Robert Earl Paige, “1OAK – Love,” 1998, Hand Painted and Dyed (Batik) Silk Crepe, 30 x 44

Those neighborhood rambles helped him cultivate his sense of color, his keen eye for the textures and patterns in nature, and his lasting appreciation for the beauty to be found in everyday objects. Rhapsodizing over the “wonderful patina” on the smashed beer cans he collects, Paige is both amused by and purposeful about all the stuff he’s been picking up off the street since he was young. “I save the tabs off of pop-tops. What the hell am I going to do with them? I don’t know! I’ve got a whole collection of rocks that I pick up. I love the shapes. I’m constructing a piece out of the different shapes.”

Woodlawn has shaped Paige in other ways. “I had everything on the South Side,” he says. “At the point when I was coming up, we had music, art, scatter-site art galleries all over the place.” Once he ventured beyond the neighborhood, though, other opportunities emerged. He got a job at Carson Pirie Scott’s flagship department store on State Street and then a friend told him about an opening at the architectural firm, Skidmore, Owings & Merrill. He says both experiences were invaluable in forming who he is today, but it was at the School of the Art Institute (SAIC) that his art and design sensibilities flourished. There he studied with Grace Earl, a fabric artist who taught interior design.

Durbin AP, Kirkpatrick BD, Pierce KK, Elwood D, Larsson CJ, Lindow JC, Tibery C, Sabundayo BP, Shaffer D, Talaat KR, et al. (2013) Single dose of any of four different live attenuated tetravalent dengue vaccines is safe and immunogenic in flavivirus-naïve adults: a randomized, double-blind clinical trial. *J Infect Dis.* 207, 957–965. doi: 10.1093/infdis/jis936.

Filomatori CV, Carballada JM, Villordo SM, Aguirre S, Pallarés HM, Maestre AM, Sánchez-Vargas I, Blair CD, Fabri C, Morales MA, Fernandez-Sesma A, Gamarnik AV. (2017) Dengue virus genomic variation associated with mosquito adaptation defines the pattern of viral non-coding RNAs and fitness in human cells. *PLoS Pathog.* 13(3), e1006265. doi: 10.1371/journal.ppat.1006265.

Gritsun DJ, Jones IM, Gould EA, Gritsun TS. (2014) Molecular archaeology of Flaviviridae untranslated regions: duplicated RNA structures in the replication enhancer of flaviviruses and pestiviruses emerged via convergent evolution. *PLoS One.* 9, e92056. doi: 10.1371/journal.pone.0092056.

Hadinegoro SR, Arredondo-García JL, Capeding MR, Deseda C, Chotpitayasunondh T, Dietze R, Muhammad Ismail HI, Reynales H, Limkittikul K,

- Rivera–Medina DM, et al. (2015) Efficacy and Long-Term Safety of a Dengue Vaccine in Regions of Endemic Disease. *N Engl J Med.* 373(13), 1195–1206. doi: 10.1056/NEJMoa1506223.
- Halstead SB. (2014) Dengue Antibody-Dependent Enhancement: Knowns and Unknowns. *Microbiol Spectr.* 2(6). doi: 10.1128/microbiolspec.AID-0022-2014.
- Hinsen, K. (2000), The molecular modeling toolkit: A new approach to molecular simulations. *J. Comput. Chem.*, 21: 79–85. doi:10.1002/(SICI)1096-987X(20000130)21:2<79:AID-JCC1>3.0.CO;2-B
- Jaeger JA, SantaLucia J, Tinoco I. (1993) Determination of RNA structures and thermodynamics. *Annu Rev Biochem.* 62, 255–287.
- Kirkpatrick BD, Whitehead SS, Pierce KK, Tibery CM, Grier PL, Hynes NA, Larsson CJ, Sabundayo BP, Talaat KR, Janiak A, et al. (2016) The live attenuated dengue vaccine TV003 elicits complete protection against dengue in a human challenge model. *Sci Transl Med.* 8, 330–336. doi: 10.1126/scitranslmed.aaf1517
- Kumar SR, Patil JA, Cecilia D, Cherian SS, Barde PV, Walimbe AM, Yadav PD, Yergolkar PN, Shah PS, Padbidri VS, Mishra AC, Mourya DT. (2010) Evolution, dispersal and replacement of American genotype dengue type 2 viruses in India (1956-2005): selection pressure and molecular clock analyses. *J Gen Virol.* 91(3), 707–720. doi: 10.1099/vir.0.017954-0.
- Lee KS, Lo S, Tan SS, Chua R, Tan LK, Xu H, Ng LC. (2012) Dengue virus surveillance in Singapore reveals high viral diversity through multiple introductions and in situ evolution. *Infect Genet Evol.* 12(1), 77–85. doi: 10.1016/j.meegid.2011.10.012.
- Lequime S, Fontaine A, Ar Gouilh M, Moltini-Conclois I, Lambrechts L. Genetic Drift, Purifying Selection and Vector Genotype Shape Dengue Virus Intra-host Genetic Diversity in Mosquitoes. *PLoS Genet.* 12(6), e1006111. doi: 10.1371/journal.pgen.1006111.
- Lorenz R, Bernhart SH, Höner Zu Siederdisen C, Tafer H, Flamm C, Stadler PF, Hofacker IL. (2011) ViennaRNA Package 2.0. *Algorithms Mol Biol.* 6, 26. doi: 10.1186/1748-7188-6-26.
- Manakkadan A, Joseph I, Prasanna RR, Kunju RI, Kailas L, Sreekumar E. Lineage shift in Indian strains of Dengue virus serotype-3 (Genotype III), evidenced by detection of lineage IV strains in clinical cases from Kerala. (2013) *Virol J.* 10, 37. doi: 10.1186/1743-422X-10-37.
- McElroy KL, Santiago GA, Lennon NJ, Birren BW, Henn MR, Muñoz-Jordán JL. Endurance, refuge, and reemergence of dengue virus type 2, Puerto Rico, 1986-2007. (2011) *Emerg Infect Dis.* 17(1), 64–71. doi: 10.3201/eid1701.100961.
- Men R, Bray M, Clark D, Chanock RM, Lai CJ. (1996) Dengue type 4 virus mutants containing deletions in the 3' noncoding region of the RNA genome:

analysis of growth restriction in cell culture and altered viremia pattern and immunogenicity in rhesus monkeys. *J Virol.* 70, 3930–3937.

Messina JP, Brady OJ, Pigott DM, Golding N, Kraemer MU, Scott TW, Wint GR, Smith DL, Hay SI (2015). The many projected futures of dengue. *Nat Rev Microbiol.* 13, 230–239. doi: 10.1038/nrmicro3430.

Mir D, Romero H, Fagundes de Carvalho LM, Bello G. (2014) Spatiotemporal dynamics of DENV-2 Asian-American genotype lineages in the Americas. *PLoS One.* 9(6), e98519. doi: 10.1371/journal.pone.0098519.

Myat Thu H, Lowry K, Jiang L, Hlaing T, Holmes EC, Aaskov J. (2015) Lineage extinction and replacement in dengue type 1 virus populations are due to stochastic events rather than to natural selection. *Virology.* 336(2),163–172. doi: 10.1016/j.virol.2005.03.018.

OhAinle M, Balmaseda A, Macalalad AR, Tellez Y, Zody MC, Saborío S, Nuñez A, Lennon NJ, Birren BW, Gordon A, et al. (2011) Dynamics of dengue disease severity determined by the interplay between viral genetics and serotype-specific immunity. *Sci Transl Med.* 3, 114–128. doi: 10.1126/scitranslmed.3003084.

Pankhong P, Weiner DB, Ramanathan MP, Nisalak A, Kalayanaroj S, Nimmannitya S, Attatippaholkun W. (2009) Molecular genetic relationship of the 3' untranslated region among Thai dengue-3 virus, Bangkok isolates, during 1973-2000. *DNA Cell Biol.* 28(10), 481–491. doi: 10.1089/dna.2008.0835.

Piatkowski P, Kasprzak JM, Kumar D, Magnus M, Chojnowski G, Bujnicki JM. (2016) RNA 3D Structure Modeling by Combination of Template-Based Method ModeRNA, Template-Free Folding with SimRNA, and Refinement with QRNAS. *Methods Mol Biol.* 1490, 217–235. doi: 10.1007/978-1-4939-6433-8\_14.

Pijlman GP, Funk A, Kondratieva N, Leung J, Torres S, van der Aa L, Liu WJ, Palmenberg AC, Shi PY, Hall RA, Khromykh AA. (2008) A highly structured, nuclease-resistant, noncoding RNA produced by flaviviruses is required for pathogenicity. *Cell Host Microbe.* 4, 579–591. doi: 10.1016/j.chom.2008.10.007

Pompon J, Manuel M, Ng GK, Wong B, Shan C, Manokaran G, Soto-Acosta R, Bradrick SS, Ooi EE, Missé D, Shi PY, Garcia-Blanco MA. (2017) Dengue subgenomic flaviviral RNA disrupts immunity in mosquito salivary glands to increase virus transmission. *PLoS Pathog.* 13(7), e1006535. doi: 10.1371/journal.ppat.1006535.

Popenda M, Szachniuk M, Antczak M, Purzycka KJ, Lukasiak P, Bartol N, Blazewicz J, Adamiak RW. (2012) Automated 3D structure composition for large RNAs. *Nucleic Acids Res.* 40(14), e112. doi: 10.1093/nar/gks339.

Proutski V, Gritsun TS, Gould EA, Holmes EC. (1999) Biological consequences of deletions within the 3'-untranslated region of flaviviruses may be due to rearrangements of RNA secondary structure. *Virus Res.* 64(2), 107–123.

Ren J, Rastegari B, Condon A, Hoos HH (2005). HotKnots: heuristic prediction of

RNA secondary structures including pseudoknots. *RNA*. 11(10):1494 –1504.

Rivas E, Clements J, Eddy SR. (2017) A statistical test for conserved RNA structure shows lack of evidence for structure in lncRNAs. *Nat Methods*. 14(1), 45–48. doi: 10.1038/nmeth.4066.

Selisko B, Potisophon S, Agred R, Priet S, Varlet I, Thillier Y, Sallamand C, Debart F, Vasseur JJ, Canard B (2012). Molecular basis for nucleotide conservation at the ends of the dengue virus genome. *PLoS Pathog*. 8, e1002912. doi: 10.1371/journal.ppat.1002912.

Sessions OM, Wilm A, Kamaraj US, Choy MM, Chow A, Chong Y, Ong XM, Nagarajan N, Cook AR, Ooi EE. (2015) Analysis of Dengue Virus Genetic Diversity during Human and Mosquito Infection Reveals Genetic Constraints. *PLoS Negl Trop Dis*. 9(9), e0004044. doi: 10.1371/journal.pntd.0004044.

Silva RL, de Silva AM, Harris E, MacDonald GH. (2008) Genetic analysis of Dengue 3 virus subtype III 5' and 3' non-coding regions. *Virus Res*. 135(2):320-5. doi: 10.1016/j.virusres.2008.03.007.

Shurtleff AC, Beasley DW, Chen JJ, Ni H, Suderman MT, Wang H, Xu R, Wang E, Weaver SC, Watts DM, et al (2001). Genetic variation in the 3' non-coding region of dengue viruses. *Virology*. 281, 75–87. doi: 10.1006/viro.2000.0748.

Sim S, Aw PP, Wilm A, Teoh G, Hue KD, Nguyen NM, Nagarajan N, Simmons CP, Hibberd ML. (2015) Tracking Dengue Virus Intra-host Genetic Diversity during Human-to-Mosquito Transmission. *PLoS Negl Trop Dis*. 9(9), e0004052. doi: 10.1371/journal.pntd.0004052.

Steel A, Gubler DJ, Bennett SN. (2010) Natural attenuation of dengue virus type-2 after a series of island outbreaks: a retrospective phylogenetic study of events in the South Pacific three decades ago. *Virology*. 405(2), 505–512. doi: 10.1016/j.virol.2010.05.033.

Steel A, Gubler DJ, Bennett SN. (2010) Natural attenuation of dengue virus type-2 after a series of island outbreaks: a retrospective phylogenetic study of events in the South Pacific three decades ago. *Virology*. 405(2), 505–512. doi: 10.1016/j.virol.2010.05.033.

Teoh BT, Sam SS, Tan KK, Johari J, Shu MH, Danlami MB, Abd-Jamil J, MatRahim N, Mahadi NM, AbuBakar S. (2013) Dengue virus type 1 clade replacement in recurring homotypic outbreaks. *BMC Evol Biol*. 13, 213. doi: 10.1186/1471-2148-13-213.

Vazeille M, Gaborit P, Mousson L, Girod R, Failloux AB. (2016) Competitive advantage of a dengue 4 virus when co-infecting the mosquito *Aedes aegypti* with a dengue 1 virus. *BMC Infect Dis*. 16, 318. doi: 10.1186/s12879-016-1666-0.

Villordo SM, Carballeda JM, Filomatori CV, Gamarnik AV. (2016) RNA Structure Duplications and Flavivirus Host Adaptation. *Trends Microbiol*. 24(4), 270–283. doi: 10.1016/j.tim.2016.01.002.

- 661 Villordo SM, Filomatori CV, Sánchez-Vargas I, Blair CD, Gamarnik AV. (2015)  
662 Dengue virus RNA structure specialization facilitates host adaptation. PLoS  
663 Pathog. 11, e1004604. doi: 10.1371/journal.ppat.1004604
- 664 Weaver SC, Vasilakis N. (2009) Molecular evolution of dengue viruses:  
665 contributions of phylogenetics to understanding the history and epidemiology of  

“I would come early in the morning and help her mix the dyes. She had a bulletin board with Harper’s Bazaar designs and stuff. It just blew my mind. I really started looking into and being observant of the things existing in my environment and it was wonderful.”

Robert Earl Paige, “United Colours of Paige,” 2008, Incised, Hand-painted and Glazed Ceramic Slab, 10¾ x 6¼ x ½